The Office of the Inspector General (OIG) has also ramped up its scrutiny of how well provider organizations complied with requirements tied to the use of nearly $180 billion in Provider Relief Funds and with recently enacted mandates such as the No Surprises Act. One survey found that almost 25% of hospitals respond to as many as 2,000 external audit-related monthly requests from multiple sources. While results of many of those audits are confidential, Medicare Fee-for-Service data show a 6.26% improper payment rate in their 2021 report.
When audits by commercial payers identify problems such as overpayments, they may require the provider organization to generate and implement an actionable CAP for the relationship to continue. And while a CAP is not required when a RAC audit uncovers issues with billing practices, the offending provider organization should act swiftly to not only remedy the immediate problem – generally by refunding the overpayments – but also to identify and address any underlying practices or processes that may put the organization at risk for future issues and liability.
Audit pressure isn’t just external. Many healthcare organizations are also ramping up internal scrutiny – and they’re not always happy with the findings. When looking specifically at internal audits, the Healthcare Auditing and Revenue Integrity: 2021 Benchmarking and Trends Report from MDaudit found that more than 30% of the time, audit outcomes are unsatisfactory and have not met acceptable thresholds.
As we face the third year of the global pandemic, hospitals and health systems are desperate to shore up bottom lines that have been battered by ongoing financial losses projected to exceed $100 billion in 2021. The key to undoing some of the financial damage is optimizing revenue flow and reducing compliance risk, which requires an understanding of the exact driving forces behind the devastating losses.
For many healthcare organizations, the primary problem can be traced to bundling errors, COVID-19 claim denials, and a range of coding issues.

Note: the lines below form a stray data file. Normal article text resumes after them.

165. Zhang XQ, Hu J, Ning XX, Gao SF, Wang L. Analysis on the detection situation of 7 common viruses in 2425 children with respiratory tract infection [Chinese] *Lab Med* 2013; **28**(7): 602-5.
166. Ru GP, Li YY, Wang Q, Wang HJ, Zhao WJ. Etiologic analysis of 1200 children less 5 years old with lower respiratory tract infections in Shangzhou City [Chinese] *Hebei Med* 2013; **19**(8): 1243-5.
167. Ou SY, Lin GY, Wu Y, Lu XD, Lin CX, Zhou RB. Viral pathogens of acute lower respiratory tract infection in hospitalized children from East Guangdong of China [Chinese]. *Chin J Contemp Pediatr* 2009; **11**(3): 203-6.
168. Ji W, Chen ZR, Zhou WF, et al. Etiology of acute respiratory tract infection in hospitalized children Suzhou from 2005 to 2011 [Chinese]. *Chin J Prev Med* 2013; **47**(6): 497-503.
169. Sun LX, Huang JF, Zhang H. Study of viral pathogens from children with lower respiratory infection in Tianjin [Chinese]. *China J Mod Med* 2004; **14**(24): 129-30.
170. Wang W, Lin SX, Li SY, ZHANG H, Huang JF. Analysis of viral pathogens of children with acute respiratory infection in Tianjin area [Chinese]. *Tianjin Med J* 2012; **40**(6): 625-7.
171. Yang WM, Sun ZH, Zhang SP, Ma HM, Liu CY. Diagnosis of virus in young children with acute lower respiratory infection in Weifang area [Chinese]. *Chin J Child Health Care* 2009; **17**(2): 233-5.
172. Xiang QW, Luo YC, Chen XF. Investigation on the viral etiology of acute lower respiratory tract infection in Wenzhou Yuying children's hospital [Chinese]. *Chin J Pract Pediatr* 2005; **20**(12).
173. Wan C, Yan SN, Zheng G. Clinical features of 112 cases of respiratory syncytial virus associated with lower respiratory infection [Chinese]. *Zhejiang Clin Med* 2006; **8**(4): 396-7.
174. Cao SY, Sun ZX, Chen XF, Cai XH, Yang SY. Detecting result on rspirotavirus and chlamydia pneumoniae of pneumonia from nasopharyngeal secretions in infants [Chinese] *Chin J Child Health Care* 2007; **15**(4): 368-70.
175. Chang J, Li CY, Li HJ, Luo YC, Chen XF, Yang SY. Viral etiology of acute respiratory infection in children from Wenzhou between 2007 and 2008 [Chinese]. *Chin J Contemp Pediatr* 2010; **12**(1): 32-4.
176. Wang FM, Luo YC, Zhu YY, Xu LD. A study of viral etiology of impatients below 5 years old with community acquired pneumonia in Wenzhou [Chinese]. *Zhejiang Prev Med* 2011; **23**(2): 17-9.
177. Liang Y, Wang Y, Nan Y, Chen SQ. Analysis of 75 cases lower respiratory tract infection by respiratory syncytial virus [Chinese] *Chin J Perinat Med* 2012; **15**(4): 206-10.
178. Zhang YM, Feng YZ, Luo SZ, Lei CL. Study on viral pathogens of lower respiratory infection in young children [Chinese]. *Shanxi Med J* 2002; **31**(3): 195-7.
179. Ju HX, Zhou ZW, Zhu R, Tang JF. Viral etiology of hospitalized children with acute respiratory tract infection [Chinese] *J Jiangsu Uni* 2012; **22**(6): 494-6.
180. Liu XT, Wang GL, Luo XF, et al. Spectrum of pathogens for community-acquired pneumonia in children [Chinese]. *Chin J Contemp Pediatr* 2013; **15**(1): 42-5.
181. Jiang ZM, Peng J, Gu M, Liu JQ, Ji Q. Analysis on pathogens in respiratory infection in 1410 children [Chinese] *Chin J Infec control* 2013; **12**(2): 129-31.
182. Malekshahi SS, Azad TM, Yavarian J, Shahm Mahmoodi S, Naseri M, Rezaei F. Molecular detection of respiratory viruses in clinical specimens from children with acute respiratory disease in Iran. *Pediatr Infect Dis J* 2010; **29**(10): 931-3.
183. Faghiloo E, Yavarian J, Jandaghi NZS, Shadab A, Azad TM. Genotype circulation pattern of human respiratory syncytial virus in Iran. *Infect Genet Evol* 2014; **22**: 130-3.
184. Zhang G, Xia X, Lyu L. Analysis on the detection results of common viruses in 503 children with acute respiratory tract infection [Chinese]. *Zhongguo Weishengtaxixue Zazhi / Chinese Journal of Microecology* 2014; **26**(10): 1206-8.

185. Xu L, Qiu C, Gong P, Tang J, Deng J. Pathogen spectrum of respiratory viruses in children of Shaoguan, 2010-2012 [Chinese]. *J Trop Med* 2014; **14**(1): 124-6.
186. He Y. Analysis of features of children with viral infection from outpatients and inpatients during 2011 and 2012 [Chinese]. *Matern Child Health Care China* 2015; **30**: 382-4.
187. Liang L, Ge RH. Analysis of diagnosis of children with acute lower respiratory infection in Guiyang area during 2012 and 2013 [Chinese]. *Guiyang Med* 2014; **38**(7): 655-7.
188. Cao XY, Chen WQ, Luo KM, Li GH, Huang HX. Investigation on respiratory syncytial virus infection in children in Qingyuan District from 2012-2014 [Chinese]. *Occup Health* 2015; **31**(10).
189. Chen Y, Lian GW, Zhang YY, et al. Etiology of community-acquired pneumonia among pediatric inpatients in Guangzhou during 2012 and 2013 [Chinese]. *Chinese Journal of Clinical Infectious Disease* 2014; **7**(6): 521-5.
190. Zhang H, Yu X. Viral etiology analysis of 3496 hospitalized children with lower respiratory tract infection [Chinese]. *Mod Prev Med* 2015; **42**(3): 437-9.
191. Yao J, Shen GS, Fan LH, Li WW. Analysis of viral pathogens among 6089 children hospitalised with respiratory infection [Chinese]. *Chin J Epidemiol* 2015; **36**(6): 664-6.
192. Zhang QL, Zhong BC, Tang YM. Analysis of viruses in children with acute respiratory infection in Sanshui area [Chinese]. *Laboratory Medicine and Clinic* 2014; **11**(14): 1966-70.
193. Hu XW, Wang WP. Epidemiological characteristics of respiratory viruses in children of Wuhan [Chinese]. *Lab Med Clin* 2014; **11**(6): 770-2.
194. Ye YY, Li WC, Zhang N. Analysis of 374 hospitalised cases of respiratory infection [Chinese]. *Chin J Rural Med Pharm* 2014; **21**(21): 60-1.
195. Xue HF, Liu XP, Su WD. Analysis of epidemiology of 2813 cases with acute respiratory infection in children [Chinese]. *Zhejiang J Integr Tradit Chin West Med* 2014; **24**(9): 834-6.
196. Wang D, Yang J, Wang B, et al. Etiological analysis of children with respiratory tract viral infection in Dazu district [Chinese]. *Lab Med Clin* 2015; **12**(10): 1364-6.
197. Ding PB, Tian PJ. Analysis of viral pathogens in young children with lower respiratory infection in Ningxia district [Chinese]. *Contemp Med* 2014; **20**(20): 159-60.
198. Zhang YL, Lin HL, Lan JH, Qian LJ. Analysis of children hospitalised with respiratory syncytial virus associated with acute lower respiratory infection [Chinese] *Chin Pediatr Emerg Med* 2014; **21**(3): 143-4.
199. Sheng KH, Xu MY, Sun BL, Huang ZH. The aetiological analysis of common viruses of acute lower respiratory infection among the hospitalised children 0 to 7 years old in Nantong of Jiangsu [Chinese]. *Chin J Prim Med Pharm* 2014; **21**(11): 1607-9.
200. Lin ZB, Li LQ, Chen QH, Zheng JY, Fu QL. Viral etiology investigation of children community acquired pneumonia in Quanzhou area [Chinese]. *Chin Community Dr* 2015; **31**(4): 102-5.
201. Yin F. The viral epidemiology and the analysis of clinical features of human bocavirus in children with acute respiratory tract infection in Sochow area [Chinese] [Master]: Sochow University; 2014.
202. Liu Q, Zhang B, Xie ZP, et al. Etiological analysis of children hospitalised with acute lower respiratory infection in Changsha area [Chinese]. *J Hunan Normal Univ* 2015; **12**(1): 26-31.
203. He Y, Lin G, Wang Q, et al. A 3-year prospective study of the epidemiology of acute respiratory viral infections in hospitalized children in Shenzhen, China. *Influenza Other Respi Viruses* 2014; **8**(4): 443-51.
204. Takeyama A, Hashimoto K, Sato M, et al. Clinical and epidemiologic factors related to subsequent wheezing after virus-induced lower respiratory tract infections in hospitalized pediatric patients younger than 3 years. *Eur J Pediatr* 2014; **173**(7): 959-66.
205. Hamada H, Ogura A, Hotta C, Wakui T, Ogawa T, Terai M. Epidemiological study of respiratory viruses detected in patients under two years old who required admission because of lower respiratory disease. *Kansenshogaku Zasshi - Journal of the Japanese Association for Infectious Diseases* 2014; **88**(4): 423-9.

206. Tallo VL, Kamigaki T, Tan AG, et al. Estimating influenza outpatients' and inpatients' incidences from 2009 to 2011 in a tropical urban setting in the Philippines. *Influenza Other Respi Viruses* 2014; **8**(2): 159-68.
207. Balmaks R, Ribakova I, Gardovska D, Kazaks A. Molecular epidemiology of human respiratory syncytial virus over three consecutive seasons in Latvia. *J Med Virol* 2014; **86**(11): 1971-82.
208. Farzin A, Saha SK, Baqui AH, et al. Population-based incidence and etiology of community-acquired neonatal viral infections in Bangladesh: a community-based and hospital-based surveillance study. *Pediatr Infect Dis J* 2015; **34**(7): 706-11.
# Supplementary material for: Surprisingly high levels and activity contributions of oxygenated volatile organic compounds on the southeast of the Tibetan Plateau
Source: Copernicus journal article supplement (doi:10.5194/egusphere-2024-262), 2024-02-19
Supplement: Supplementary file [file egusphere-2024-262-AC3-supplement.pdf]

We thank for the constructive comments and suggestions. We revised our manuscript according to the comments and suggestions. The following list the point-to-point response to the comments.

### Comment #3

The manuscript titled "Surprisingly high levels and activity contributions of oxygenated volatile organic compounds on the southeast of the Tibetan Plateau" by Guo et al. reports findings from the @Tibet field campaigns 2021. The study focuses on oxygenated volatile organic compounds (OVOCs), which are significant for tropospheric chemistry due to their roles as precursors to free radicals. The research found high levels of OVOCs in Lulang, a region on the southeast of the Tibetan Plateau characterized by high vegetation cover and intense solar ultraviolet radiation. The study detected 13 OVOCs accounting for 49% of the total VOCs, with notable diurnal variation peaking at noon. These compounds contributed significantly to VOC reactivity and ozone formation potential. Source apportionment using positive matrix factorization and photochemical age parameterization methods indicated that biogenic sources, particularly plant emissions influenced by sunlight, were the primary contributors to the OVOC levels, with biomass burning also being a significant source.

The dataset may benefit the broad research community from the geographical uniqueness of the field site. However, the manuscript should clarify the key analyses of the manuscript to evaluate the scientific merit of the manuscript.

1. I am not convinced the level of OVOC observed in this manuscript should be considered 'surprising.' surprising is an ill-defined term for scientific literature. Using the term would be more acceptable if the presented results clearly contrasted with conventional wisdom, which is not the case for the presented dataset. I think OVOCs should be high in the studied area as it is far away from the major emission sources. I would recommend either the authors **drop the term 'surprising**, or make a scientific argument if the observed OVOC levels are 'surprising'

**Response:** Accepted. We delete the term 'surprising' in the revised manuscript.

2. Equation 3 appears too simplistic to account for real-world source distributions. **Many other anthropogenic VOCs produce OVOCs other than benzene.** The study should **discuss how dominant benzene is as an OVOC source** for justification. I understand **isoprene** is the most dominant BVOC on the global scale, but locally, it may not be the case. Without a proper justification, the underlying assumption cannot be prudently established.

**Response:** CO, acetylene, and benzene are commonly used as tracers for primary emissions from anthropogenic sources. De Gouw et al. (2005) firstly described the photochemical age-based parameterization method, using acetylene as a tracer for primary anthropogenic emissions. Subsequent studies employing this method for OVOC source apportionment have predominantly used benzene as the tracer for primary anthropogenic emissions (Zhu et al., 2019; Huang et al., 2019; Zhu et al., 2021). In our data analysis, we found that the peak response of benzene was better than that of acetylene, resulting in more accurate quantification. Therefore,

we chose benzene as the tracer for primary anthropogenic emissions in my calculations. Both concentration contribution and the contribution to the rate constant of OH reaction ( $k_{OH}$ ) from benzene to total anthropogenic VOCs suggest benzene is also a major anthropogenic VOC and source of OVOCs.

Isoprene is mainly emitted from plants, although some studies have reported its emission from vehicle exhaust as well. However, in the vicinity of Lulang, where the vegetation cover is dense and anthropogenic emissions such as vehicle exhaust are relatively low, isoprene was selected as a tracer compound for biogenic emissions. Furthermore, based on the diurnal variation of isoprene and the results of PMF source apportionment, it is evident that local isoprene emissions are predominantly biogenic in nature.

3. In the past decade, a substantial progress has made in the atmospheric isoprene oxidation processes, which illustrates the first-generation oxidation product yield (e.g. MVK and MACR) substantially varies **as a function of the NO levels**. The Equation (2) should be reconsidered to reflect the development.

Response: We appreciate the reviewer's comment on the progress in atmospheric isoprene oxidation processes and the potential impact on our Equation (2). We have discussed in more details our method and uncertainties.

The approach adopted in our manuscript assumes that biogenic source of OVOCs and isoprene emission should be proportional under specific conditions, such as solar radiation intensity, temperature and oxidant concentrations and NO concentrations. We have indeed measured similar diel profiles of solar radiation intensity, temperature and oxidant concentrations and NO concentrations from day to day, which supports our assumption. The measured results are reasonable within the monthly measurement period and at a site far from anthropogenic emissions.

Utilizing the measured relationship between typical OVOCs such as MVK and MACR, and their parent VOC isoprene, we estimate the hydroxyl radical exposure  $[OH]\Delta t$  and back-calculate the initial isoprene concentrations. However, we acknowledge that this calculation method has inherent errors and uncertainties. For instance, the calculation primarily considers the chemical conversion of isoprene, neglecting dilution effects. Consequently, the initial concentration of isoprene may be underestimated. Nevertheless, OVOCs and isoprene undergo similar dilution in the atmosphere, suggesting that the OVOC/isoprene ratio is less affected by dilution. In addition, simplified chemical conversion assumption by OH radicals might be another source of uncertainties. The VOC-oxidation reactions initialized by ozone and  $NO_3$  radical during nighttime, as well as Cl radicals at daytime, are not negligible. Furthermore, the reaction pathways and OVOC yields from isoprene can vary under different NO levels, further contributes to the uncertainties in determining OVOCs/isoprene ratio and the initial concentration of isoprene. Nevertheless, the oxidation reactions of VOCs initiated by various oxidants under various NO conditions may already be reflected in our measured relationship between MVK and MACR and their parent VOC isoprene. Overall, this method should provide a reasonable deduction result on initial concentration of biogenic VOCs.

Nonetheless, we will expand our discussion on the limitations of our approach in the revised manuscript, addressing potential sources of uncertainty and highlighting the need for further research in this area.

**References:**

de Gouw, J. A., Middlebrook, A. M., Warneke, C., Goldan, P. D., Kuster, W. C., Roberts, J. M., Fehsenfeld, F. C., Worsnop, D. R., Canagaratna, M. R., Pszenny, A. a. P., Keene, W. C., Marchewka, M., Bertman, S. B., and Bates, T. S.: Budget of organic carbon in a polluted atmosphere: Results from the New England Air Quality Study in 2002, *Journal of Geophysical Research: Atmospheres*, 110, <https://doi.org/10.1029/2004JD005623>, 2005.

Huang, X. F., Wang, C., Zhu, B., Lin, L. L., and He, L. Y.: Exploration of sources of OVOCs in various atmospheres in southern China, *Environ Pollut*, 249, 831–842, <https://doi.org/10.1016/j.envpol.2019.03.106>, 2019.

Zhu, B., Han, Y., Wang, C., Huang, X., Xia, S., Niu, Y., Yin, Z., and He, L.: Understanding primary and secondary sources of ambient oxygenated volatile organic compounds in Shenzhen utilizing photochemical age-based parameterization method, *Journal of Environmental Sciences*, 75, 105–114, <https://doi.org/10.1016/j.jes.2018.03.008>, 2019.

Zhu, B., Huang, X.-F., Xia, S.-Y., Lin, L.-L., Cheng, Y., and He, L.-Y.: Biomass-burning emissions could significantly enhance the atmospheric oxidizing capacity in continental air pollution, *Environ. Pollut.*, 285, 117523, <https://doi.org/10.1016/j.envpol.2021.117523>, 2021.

That’s according to Hayes’ inaugural auditing and revenue integrity report, Healthcare Auditing and Revenue Integrity: 2021 Benchmarking and Trends Report, which analyzed more than $100 billion worth of denials and $2.5 billion in audited claims. It found that bundling errors were the top culprit behind the 34% of inpatient hospital charge initially denied in 2021, each with an average value of $5,300. Internal auditors also identified a significant number of concerns centered around disagreements between procedure codes and diagnoses, contributing to 33% of all internal audits containing “disagree” findings.
Understanding the Drivers
The report is based on a review of professional and hospital claims, including current charge and remit data sent to all payer types, audited in the company’s revenue integrity platform, MDaudit Enterprise, during the first 10 months of 2021. It includes more than 900 facilities, 50,000 providers, 1,500 coders and 700 auditors from U.S.-based acute care and children’s hospitals, academic medical centers, healthcare systems, and single and multi-specialty physician groups.
In terms of denial trends, the report identified bundling as the top category for both inpatient and outpatient hospital charge denials – the latter of which had an average value of $585 for each denied claim. The top reason was that the benefit had been included in a previously adjudicated service or procedure. Professional services had a first-time denial rate of 15%, led by claim submission/billing errors and carrying an average value of $283 each.
Under- and over-coding were also identified as problematic. In terms of revenue risk, audits indicate that under-coding created underpayments averaging $3,200 for a hospital claim and $64 for a professional claim. In terms of over-coding, Medicare Advantage plans and payers in particular are under heightened scrutiny for expensive inpatient medical necessity claims, drug charges, and clinical documentation to justify the final reimbursement.